Greg Freiherr, Industry Consultant
Greg Freiherr, Industry Consultant

Greg Freiherr has reported on developments in radiology since 1983. He runs the consulting service, The Freiherr Group.

Blog | Greg Freiherr, Industry Consultant | March 23, 2012

3T Reaches High-Field Price-Point

It’s been nearly a decade since vendors first floated the idea of 3T as the new clinical benchmark in magnetic resonance imaging (MRI). Finally, it looks like their prediction is about to come true, but it wasn’t clinical advances that paved the way. Those were achieved years ago. It was an economic breakthrough in the form of a brand new MR scanner priced at about what 1.5T systems were a few years ago, namely, Siemens’ Magnetom Spectra, which was launched a few weeks ago at the European Congress of Radiology.

Usually vendors launch new imaging products, especially MR scanners, months earlier and on the other side of the Atlantic at the RSNA meeting, a fact that Christiane Bernhardt, director of Outbound Marketing for Siemens MR, acknowledged. More important than the venue is the product, which is scheduled to begin shipping in the second half of this year for a price “half of what 3T systems cost five years ago,” Bernhardt told me.

My memory recalls a price-point back then of about $3 million, which Bernhardt said was a little bit high. So, by the powers of interpolation, this new system will go for under $1.5 million. It’s probably not a coincidence that 1.5T scanners were commanding this price when they were at the top of the MR food chain. And purchase price is only part of the story.

Bernhardt and Spectra product manager Richard Winkelmann, Ph.D., talked repeatedly about the low TCO (total cost of ownership) that accompanies this product. Underpinning the savings is an undersized bore with a 60 cm diameter, versus the 70 cm that has come to characterize MR scanners of late. Those extra 10 cm mean less expensive gradient coils for one thing, and a more compact design for another, which translate into a lower cost to manufacture and less space required for installation. TCO is further minimized by the zero helium boil-off, which puts a cap on energy costs, Bernhardt noted.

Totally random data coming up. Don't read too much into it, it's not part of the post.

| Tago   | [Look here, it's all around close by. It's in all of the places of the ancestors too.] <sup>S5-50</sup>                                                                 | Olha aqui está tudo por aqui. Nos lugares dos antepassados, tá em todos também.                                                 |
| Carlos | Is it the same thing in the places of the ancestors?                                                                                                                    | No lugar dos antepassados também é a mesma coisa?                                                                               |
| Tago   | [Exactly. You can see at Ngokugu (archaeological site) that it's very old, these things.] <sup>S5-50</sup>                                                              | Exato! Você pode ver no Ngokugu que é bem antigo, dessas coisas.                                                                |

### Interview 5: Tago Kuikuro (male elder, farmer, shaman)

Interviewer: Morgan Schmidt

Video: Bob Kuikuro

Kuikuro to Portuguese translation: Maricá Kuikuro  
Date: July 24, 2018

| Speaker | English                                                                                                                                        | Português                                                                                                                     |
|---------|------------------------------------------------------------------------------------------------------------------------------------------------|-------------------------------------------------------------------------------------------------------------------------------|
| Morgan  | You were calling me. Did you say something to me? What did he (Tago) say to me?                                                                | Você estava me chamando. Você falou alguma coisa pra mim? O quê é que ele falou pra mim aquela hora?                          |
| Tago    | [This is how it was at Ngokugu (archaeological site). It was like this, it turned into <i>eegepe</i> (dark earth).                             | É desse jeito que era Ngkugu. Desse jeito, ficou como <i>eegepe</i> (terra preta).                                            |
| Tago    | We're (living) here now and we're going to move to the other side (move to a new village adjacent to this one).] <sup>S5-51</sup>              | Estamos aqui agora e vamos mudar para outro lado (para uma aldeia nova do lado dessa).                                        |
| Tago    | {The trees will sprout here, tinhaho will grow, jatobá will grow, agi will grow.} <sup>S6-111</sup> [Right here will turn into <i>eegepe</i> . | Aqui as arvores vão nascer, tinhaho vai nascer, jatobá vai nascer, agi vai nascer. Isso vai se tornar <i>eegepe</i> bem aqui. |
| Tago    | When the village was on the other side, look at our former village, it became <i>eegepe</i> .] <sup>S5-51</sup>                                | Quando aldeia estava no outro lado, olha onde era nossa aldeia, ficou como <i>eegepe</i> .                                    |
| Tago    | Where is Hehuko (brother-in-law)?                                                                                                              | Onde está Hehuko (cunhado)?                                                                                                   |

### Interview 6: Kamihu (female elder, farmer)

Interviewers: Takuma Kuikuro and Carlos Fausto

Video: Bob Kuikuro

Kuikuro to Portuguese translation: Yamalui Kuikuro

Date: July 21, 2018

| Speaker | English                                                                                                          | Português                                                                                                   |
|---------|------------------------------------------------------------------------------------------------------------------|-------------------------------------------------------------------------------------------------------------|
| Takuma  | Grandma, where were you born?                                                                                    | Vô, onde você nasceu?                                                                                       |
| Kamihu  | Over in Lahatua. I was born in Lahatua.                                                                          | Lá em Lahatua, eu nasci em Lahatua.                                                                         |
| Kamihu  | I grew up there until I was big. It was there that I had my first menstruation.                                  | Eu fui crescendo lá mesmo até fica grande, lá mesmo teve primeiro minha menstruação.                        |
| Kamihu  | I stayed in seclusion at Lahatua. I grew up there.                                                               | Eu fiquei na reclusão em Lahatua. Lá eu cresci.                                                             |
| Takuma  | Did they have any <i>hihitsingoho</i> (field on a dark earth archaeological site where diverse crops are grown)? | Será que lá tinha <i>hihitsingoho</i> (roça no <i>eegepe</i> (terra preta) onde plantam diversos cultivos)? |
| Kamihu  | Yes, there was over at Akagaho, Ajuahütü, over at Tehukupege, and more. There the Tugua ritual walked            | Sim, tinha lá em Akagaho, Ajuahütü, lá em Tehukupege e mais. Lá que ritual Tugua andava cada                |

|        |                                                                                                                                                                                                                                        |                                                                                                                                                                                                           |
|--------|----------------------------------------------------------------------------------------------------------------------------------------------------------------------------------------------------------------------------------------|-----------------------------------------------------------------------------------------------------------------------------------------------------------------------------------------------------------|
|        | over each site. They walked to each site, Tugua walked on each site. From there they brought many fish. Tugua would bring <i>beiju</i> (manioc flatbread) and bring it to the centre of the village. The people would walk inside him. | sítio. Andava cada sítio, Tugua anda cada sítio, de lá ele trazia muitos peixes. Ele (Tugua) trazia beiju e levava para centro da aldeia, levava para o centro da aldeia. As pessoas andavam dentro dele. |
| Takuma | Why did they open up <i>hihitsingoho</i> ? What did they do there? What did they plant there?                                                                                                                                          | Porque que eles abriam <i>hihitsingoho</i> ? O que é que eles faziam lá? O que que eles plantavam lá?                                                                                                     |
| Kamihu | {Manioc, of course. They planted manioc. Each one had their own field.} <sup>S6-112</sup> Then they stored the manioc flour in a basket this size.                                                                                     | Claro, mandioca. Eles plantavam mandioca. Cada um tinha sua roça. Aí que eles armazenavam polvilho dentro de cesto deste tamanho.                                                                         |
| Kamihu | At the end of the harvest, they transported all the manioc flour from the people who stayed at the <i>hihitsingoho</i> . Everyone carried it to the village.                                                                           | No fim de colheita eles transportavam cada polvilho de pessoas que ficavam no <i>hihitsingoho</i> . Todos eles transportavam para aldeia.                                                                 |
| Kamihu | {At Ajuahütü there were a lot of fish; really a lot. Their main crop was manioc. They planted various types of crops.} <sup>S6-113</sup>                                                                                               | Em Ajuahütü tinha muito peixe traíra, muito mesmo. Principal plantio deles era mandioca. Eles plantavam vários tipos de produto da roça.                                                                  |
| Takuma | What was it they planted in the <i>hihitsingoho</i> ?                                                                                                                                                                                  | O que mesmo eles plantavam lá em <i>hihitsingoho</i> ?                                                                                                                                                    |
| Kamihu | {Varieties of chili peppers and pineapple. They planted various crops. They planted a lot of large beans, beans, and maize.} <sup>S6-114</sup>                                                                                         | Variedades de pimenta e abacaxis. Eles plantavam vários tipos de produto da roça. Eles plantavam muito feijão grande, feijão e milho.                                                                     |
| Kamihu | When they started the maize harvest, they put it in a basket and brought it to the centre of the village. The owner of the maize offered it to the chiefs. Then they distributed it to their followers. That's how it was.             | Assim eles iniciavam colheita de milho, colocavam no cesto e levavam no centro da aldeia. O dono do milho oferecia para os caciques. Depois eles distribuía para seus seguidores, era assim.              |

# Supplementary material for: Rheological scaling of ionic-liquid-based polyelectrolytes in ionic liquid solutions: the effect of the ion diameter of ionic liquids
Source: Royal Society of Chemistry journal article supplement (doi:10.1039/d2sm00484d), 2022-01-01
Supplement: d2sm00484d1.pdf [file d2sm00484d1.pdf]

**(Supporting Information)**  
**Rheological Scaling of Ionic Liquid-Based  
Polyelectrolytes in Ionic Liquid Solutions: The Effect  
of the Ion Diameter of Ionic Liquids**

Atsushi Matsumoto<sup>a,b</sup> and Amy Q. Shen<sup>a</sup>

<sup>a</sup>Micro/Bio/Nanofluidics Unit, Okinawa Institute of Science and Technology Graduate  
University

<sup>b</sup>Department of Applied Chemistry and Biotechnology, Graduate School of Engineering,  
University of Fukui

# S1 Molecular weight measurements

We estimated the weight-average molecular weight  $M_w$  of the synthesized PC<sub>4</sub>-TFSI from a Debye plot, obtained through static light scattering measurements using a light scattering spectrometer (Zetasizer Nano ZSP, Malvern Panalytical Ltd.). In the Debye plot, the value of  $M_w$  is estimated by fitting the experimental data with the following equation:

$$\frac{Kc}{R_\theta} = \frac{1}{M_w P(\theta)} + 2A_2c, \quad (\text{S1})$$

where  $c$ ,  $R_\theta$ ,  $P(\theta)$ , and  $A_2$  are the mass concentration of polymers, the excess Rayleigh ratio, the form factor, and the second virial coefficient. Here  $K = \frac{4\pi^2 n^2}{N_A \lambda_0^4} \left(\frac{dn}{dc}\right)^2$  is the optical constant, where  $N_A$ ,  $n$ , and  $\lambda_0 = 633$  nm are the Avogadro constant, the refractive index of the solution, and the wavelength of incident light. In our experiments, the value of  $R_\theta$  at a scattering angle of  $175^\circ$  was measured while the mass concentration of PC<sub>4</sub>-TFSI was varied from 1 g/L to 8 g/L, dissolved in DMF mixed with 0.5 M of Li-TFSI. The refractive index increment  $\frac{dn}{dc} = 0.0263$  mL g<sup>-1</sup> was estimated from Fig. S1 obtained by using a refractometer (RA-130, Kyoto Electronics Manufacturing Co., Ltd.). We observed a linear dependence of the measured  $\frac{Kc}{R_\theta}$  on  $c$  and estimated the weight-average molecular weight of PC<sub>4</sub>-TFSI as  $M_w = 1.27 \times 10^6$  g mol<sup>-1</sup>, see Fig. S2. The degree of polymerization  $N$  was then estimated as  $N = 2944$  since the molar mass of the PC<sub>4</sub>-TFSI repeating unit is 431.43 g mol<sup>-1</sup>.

None of these cost-cutting measures degrade the clinical capability of the system, she said. Spectra is built on the same technology platform as Siemens' Skyra 3T and Aera 1.5T systems, which were introduced a little over a year ago at RSNA 2010. Therefore, Spectra supports all the same applications, according to Bernhardt. It is also equipped with Tim 4G, the company’s fourth-generation total imaging matrix, and the company’s Dot (day optimizing throughput) technologies.

“The key points are quality and usability,” she said, giving a nod to the affordability of the system.

“Really it’s this combination that makes the system unique,” Winkelmann added.

And while the name implies that the Magnetom Spectra is capable of MR spectroscopy – and it is, they assured me – this particular application is not why the name was chosen. Pressed for the underlying rationale, Bernhardt said, “because it’s ‘spectracular.’"

Who says Germans don’t have a sense of humor?

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